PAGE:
Behind Al Cook’s “Necropolis”: Blood Test.

Whenever I get an illustration commission I occasionally get asked to provide ‘idea sketches’ to show what the finished piece will look like. This type of request usually results in me turning down a lot of artwork job offers because I almost never ever produce any ‘idea’ sketches and if I do, they never really resemble the eventual illustration and I tear them up just as soon as I’m finished with them. Besides, I think that sample and ‘idea’ sketches could subliminally put someone off of your work.
Is that crazy and paranoid?

If it’s not crazy and paranoid it’s probably arrogant of me but I’d rather turn down an illustration job than waste my time churning out sample sketches just to please someone who doesn’t have the faith in me to just let me get on with things.

That said, sometimes I do produce ‘working’ sketches for my horror comic-strip to help me place where characters and objects will be in the panels and today I’m going to break my own rule and show them to you.

All of these working sketches come from the “Please Give Blood” installment from my comic-strip, Al Cook’s “Necropolis” and as you will see, these were never meant to be seen…

* Working Sketch:

* Eventual Illustration Panel:


* Working Sketch:


* Eventual Illustration Panel:


* Working Sketch:


* Eventual Illustration Panel:


* Working Sketch:


* Eventual Illustraion Panel:


* Working Sketch #1:


* Working Sketch #2:


* Working Sketch #3:


* Working SKetch #4:


* Eventual Illustration Panel:


I decided to upload these scribbles because aside from my own, I like to see work in progress. Be it a building being built or a half finished song, I’m interested and so I hope those sketches were of some interest to you.
You can view “Please Give Blood” in full HERE.

You May Also Be Interested In…
* Al Cook’s “Necropolis”
* Graham Humphreys: “Zombie Flesh Eaters” Artwork
* Sketches For Nobody #6

Al Cook’s “Necropolis”: Please Give Blood.

Hi folks, this is the latest entry in my macabre Glaswegian comic-strip, Al Cook’s “Necropolis”.
It’s called “Please Give Blood” so please do!

As always, the main place to view Al Cook’s “Necropolis” in all of its complete and black biro penned, sinister hand-drawn wonder is HERE.

* Footnote:
I sent this “Please Give Blood” strip off to the Scottish National Blood Transfusion Service asking them to get behind the comic etc… and they said:

Hi Al,
Many thanks for your enquiry.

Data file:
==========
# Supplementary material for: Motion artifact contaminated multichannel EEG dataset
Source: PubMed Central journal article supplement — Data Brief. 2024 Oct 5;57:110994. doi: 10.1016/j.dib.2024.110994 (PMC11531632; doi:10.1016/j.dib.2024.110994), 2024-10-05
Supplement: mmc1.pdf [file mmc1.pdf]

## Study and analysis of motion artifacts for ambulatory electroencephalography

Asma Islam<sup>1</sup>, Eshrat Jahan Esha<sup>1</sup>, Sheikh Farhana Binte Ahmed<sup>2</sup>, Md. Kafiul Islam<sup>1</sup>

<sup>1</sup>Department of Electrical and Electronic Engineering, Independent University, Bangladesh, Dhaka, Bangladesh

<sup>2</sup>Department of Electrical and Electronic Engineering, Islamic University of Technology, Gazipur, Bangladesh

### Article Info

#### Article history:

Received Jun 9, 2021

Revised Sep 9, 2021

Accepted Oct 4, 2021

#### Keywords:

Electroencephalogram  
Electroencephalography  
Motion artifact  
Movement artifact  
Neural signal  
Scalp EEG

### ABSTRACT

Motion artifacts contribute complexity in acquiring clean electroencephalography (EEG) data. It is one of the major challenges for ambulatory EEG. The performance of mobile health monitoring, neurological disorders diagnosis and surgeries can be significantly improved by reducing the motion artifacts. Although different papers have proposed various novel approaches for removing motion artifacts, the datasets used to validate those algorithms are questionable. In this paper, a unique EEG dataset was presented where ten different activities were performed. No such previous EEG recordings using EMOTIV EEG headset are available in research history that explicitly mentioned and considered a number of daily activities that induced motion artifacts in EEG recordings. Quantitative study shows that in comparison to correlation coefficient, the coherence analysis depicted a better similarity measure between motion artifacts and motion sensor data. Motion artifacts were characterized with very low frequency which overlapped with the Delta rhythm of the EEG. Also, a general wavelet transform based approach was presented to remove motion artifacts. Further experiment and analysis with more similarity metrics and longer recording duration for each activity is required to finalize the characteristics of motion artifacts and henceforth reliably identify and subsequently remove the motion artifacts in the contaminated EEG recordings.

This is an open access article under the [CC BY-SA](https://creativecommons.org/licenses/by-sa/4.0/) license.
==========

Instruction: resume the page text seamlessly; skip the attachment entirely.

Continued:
I’m afraid this is something we will not be able to support.
Best regards,

Leigh Taylor.
Donor Recruitment and Publicity Officer
Scottish National Blood Transfusion Service
25 Shelley Road
G12 0XB
Tel: 0141 357 7740“.

That aside, please do give blood. It’s very very important and not painful at all.

* Give Blood For Scotland
* Al Cook’s “Necropolis”

You May Also Be Interested In:
* Cut Loose (Complete Version)
* Cracking Open A Cold One

Books That Are Better Than The Bible…

There is hope for all of you rubbish aspiring authors yet!























Bouncy castle

All of those classics of literature and more can be purchased from Abebooks which is HERE.

You May Also Be Interested In…
* Make Mine A Harlot
* Happy Birthday To Me?
* The Alternate Mr. Men Books

Photography: Water Experiments.

Here are some photos I took of my massive face back in 2004 when I actually had the time to spend entire days messing around with cameras and glass and ink and lots of water.

There’s quite a few of these pictures and you can see them all on my Facebook page.

Buckfast In The New York Times.

Did you know that Buckfast Tonic Wine once got a mention in The New York Times last year?

Aye well it did and if you come from anywhere in Lanarkshire like me then you might find this article a wee bit funny.

The New York Times.
Published: February 3, 2010.

COATBRIDGE, Scotland — What is it about Buckfast Tonic Wine that makes it so alluring to consumers and yet so repulsive to politicians?

Buckfast is considered a regional favorite in Coatbridge.
Perhaps it is its special caffeine-and-sweet-wine recipe, which allows overly enthusiastic consumers to be tipsy and bouncy at the same time. Perhaps it is its array of snappy nicknames, including “Wreck the Hoose Juice” — hoose being a Scottish pronunciation of house — or its exotic provenance as the product of wine-making Benedictine monks at an abbey in England.

Whatever the cause, Buckfast has emerged as a symbol of Scotland’s entrenched drinking problems at a time when it is urgently debating how to address them. “For a large section of the Scottish population, their relationship with alcohol is damaging and harmful — to individuals, families, communities and to Scotland as a nation,” the Scottish government said in a recent report.

Buckfast does not seem to help. In a survey last year of 172 prisoners at a young offenders’ institution, 43 percent of the 117 people who drank alcohol before committing their crimes said they had drunk Buckfast. In a study of litter in a typical housing project, 35 percent of the items identified were Buckfast bottles. And the police in the depressed industrial district of Strathclyde recently told a BBC program that the drink had been mentioned in 5,638 crime reports between 2006 and 2009 (the bottle was used as a weapon in 114 of them).